Monday, 29 September 2014

The Curious Professor's Monthly Homework Assignment - Poetry




This month our lovely professor had given us the assignment of writing about poetry that inspires us. I know many will write about Edgar Allan Poe, the quintessential goth poet, so I will skip him over. Below is one of my my other favourite poets. Of course as you will notice I have a love of 19th century literature, so had to pick an interesting and outstanding woman of that century.




Elizabeth Barrett Browning

Elizabeth Barrett was me of the most prolific and prominent pets of the 19th century. Born in 1806, she started writing poetry at age 6. Her mother encouraged her and kept all of them. In the 1830s a cousin introduced her to other writers including Samuel Taylor Coleridge, William Wordsworth, and Alfred Lloyd Tennyson. Her first book of poetry was published in 1838 and she went on to publish many more.
She began corresponding with another poet Robert Browning, and the two fell in love. They kept it secret though as they feared her family's disapproval. They married in 1846 and she was disinherited. The couple moved to Italy where she lived until her death in 1861.
She had suffered from frail health from age 15 onwards, having mysterious undiagnosed pains, and then later TB. She became addicted to laudanum due to this, which led to her becoming sickly and passing away at only 55.
Her many poems touch on subjects like love, devotion and spirituality. Below is her most famous -Sonnet 43.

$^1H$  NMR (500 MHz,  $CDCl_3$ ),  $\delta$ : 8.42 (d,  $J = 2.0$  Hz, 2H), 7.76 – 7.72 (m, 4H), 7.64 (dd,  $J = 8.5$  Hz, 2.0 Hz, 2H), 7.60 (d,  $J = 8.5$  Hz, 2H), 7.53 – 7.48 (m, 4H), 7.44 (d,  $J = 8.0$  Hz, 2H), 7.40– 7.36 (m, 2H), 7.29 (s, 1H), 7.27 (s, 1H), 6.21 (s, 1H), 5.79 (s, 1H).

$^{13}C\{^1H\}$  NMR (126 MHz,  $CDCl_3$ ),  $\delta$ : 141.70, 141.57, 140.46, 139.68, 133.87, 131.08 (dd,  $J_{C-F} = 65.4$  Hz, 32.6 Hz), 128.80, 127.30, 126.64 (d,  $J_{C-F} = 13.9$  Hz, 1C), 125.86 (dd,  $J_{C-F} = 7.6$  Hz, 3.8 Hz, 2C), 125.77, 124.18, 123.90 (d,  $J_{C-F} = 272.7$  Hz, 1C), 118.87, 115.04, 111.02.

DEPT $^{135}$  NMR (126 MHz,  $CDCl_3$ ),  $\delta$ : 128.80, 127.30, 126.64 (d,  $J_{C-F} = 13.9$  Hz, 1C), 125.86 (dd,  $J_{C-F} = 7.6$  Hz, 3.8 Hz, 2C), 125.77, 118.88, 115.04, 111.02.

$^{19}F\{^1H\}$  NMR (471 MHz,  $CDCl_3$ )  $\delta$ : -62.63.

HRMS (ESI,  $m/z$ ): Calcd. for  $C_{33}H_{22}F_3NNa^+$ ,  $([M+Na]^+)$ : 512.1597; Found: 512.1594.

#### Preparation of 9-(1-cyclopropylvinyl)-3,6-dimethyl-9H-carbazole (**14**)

Besides writing poems, she campaigned to abolish slavery and change child labour laws.

How Do I Love Thee? sonnet 43

How do I love thee? Let me count the ways.
I love thee to the depth and breadth and height
My soul can reach, when feeling out of sight
For the ends of being and ideal grace.
I love thee to the level of every day's
Most quiet need, by sun and candle-light.
I love thee freely, as men strive for right.
I love thee purely, as they turn from praise.
I love thee with the passion put to use
In my old griefs, and with my childhood's faith.
I love thee with a love I seemed to lose
With my lost saints. I love thee with the breath,
Smiles, tears, of all my life; and, if God choose,
I shall but love thee better after death.




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2 comments:

  1. Thank you so much for participating! I adore 19th century poetry ... hell, I adore 18th century poetry. sigh ... so wonderful.

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  2. *sigh* I'm not one for poetry but this one I actually "get". I must be in a romantic mood, I guess. lol

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